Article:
Eric Bana and Connie Britton in Dirty John.
Photo: Jordin Althaus/Bravo
Dirty John is billed as true crime, but it would be more accurate to describe it as relationship horror. A dramatization of a Los Angeles Times investigation, which in turn became a buzzed-about podcast, the Bravo series recounts the cautionary tale of Debra Newell (Connie Britton), a fabulously successful Los Angeles–based interior designer who crashed and burned through four marriages but decided to reenter the dating pool at 50. Even if you don’t know the details of the real-life case, you’ll be yelling at the screen and yanking your own hair out at the bad decisions that draw Debra deeper into a potentially fatal morass. It’s like watching a Halloween movie, except instead of a serial killer with a butcher knife, the looming threat is a guy with a great chin and zero body fat who knows just what to say and doesn’t have an authentic cell in his body. He’s definitely a spirit killer, and he could be worse than that.
Things start out awkward but not overtly alarming. Debra joins a service that matches up older singles and goes on a series of boring dates before clicking with John Meehan (Eric Bana), a silver fox who represents himself as a physician who’s done work in war zones for Doctors Without Borders, but might possibly be an anesthesiologist. John is a great-looking guy who can be butter-smooth when he’s trying to make a good impression, and if you’d only been out with him once or twice, you might mistake him for a good listener and a sweet man. But right off the bat, he gives off what Debra’s two adult daughters, Veronica (Juno Temple) and Terra (Julia Garner), instantly identify as danger signs.
For one thing, John has no sense of boundaries or decorum: On their very first dinner date, he shows up at Debra’s apartment dressed in shorts and a polo shirt (an ensemble that makes Veronica mistake him for a UPS guy) and strolls in through the propped-open door while the daughter goes to fetch her mother, sizing the place up like he’s already picturing how he’ll redecorate it. When Debra invites him back to her place, he heads straight for the bed and pouts when she asks him to relocate to the living room before storming out. Later, he shows up wearing surgical scrubs to a formal event that is important to Debra. He speaks to her in therapeutic language that makes it sound as if he’s identifying his own faults and pledging to work through them, but a weird blankness in his eyes makes it seem as if he’s just telling Debra what she needs to hear in order to shelve her second thoughts and invite him back into her life.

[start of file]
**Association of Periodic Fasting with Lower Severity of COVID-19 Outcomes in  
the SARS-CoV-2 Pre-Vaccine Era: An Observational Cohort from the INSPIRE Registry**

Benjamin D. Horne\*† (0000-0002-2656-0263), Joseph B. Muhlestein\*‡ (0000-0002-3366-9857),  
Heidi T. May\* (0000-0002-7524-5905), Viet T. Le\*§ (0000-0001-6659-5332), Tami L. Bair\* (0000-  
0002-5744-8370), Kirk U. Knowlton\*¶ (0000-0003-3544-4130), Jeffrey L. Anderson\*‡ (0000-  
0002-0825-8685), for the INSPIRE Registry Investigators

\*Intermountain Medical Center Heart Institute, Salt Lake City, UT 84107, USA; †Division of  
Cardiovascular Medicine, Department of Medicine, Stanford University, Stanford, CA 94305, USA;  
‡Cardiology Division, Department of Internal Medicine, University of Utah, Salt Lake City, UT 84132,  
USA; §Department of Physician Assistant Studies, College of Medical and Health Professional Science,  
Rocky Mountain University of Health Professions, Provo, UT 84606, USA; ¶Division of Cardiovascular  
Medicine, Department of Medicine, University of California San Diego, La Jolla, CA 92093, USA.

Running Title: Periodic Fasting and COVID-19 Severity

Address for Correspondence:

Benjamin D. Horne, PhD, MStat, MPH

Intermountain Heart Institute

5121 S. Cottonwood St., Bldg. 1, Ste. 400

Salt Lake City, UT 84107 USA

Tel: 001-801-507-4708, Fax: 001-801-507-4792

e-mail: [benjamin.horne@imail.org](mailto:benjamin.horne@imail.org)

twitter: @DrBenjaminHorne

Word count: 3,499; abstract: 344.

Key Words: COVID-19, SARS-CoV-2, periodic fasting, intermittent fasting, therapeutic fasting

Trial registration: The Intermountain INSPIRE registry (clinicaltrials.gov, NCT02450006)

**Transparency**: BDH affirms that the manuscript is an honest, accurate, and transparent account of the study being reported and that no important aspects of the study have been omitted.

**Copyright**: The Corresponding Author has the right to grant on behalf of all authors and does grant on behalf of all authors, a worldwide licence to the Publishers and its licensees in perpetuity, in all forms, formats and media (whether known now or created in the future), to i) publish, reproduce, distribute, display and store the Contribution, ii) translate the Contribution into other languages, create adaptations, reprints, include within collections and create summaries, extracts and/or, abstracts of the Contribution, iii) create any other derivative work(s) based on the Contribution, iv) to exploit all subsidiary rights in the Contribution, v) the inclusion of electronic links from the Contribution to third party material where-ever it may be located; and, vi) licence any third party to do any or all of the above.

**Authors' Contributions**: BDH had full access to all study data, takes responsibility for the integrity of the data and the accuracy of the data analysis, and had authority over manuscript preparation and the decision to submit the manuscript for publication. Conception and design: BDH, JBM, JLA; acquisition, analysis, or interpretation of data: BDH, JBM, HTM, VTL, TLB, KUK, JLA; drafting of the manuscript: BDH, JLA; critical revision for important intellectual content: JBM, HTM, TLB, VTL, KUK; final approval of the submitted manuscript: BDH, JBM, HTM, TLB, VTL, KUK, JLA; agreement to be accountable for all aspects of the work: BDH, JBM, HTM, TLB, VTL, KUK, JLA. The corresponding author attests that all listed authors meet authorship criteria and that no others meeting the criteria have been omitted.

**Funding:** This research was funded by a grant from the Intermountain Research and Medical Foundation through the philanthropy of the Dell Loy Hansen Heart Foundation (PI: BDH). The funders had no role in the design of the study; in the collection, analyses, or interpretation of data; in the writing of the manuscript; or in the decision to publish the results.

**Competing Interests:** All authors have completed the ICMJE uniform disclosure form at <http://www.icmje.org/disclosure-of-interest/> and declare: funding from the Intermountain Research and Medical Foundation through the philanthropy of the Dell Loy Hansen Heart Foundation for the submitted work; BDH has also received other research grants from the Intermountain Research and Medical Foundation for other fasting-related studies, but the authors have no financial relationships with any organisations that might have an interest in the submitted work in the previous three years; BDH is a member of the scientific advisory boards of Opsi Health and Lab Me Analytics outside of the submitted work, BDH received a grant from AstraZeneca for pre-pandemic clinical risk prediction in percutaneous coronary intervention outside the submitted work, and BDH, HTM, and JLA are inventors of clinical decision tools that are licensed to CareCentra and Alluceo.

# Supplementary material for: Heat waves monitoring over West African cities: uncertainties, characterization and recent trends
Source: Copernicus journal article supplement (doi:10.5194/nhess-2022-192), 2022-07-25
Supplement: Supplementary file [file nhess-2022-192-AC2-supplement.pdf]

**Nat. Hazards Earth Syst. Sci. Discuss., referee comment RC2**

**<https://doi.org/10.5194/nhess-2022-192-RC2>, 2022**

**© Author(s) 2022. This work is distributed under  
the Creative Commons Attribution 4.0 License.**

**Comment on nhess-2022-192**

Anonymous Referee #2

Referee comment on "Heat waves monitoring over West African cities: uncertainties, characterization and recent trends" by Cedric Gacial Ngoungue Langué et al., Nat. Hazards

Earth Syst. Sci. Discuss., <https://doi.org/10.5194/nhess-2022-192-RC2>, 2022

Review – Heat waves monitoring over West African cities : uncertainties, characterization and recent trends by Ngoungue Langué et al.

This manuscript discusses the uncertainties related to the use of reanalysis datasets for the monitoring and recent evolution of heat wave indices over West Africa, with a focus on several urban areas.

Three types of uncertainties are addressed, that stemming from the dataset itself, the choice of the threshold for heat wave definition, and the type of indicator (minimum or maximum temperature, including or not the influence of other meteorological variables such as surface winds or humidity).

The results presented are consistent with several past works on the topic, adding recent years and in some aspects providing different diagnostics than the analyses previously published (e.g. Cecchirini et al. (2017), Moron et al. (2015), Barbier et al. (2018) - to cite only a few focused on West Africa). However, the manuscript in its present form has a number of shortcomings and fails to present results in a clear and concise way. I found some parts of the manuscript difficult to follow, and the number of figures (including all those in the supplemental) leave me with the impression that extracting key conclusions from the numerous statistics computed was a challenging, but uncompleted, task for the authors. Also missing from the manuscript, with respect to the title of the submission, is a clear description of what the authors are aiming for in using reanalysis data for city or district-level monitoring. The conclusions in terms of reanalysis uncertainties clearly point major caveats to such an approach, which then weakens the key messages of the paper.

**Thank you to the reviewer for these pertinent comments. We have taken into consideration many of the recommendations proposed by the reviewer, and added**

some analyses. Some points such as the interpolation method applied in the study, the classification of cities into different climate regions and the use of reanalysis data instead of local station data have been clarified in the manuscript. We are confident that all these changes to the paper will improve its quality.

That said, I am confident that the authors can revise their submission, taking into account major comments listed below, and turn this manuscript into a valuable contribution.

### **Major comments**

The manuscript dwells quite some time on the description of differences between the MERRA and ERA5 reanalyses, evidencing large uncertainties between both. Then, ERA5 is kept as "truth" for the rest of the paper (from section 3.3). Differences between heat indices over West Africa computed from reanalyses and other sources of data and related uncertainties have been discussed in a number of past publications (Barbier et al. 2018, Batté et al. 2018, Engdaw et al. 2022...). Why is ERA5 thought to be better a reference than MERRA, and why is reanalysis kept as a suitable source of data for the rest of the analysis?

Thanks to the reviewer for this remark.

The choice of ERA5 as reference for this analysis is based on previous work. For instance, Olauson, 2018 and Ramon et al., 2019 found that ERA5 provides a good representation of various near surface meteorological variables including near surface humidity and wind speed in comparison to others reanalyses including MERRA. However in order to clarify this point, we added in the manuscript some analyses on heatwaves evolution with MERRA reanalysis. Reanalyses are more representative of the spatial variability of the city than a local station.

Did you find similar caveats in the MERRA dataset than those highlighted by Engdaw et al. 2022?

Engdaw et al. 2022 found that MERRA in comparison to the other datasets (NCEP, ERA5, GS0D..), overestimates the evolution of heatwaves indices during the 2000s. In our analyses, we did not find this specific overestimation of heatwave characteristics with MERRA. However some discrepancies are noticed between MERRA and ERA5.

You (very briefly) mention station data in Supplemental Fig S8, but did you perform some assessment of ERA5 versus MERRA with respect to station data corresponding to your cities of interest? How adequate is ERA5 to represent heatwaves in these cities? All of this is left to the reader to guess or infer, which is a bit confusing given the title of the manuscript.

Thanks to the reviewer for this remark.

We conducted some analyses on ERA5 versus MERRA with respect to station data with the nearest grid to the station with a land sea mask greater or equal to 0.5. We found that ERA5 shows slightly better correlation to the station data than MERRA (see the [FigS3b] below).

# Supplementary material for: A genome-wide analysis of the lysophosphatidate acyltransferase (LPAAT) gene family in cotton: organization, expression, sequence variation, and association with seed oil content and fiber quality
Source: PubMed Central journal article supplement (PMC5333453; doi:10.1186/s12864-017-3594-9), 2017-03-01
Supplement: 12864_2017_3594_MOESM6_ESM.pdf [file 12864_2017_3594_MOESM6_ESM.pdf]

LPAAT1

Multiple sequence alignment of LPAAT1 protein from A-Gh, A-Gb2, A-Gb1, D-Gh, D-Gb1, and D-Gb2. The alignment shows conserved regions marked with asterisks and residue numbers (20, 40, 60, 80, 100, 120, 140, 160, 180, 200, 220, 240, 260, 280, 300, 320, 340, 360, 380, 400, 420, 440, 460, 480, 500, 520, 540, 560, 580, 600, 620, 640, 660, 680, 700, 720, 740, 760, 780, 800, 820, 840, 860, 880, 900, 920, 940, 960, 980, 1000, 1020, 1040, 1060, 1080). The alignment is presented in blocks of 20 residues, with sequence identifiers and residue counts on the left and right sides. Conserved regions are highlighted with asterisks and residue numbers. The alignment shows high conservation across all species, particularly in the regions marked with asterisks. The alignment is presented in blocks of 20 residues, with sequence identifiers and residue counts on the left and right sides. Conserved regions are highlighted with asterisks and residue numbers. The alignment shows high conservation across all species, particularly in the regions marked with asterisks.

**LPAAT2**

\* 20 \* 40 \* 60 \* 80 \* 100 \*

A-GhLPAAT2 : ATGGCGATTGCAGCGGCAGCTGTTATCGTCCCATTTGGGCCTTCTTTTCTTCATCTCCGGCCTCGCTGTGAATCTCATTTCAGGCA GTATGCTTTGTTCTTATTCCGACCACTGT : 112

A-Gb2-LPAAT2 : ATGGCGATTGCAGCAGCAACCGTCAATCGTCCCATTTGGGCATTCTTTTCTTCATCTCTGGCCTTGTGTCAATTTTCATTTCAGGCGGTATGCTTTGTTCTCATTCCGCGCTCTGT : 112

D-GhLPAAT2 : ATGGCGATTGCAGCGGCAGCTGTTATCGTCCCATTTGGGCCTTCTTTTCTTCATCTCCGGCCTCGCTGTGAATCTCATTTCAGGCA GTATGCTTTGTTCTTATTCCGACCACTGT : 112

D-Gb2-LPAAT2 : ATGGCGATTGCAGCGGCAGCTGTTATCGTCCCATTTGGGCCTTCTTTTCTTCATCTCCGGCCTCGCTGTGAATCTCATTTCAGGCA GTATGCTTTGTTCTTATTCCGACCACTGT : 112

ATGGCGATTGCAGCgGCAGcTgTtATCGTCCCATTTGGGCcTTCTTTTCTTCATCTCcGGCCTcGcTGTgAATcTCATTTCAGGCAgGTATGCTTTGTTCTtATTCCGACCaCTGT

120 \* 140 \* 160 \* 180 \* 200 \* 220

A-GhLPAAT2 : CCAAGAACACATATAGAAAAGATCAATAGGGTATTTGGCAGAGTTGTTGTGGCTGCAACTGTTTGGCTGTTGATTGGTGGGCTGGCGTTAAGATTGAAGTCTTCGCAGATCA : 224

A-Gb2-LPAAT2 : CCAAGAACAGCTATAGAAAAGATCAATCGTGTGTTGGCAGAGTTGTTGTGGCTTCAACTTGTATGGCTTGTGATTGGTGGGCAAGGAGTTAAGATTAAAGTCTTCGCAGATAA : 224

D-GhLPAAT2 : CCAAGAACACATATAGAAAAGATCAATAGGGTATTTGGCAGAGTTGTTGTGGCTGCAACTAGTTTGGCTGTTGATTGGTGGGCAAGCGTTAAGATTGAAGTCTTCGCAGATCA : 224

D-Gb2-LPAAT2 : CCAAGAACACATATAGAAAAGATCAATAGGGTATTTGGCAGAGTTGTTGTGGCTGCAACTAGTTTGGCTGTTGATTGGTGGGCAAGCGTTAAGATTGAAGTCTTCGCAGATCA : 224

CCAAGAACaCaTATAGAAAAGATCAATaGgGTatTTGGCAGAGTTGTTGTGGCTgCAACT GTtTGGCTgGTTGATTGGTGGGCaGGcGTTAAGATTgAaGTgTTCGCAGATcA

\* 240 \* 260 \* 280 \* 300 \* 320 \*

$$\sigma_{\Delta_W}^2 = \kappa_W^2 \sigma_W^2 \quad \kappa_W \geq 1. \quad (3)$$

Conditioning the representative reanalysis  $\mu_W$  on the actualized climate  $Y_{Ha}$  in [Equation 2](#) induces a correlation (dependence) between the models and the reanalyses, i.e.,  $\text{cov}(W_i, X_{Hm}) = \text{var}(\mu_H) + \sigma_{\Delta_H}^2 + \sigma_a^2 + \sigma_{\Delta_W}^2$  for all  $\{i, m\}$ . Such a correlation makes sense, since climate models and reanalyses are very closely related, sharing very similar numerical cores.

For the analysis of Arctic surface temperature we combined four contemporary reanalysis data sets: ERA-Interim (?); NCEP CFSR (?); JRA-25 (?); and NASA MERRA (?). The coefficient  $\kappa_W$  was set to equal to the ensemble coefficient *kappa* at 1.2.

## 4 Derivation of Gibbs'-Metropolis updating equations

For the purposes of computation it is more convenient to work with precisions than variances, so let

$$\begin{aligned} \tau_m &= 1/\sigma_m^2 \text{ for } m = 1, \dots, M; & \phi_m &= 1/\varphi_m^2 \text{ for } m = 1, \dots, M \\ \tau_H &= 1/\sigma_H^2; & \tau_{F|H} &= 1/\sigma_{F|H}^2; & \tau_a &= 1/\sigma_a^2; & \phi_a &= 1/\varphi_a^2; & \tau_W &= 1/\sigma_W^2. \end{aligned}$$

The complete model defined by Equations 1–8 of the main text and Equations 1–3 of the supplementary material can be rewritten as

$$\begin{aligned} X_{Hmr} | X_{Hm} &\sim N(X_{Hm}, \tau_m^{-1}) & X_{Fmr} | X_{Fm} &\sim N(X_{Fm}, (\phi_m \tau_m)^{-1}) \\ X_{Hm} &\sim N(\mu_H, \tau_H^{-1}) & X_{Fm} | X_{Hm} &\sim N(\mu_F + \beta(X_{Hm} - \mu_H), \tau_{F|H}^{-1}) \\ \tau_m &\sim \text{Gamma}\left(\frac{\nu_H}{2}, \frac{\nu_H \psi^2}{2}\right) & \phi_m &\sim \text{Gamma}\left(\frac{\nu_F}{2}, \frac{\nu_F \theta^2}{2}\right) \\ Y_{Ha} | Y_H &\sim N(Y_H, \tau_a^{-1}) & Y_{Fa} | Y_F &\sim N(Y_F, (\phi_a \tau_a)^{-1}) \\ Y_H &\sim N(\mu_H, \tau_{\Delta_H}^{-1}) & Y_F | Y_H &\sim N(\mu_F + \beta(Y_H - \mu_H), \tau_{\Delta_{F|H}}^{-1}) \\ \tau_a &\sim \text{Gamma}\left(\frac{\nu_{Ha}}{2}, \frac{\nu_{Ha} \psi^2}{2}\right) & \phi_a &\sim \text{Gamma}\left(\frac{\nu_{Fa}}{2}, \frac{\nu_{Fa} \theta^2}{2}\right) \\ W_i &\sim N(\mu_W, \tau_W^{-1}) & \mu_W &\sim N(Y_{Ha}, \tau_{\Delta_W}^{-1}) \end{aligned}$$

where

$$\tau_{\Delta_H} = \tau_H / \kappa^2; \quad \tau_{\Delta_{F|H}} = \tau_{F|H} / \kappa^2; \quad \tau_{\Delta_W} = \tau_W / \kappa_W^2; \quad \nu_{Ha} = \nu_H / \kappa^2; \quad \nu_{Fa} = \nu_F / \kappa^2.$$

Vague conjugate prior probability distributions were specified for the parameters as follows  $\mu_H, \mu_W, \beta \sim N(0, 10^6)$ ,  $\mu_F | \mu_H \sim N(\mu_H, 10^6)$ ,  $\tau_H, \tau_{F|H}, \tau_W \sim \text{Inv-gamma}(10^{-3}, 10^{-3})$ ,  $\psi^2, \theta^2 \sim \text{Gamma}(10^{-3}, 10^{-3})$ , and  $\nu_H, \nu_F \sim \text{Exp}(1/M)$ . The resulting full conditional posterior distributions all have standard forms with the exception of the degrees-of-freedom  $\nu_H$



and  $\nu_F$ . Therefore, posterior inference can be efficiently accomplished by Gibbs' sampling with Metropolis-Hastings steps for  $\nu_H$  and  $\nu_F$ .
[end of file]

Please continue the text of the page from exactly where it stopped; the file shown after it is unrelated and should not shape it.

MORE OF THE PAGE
Then there’s the issue of John’s employment. It’s not clear that he’s actually a anesthesiologist or even a doctor. And when Debra’s daughters do a bit of worried snooping and uncover physical evidence that proves he’s a shady character, Debra doesn’t want to hear about it. And less than two months into their relationship, reader, she marries him.
This sounds like a setup for a Lifetime movie, and it definitely plays that way at lot of the time. The minutely observed exchanges between Debra and John, and Debra and her kids, betray a more sensitive and discerning touch, but Dirty John still falls squarely into the “men are trash who might kill you” subgenre of true-crime potboiler, which has become fantastically popular because of the alarming number of men who are trash and might kill you. But it’s pitched realistically and never veers into camp. It could have been titled Anatomy of a Delusion. The focus is not so much on the shock of finding out that John is dirty — there is no shock; he trips the viewer’s creep alarms instantly, and he’s supposed to — but the frustration at watching Debra look past the danger signs, then deliberately choose to ignore them.
So what we have here is a psychological detective story about a woman refusing to see through a man’s lies to her, and her own lies to herself, while her adult children do everything they can to illuminate the danger she’s in. The big question for Bravo is whether a series like this can sustain viewer interest, given that things can only get worse for Debra and her family as the tale unfolds, and considering that all the information about the real-life case is readily available in newspaper investigations and a hit podcast. But the excellence of the ensemble is reason enough to revisit the story: Britton once again proves herself one of the subtlest, realest leading actresses on TV, Bana is perfect as a no-good hunk who smiles his way out of trouble, and Temple is a hoot as a human steamroller who says things like, “I don’t deal with people, I make people deal with me.” And then there’s that horror-movie factor: There’s satisfaction in being able to identify danger in a narrative even though the characters are blind to it, and get closer to the abyss with every oblivious step they take.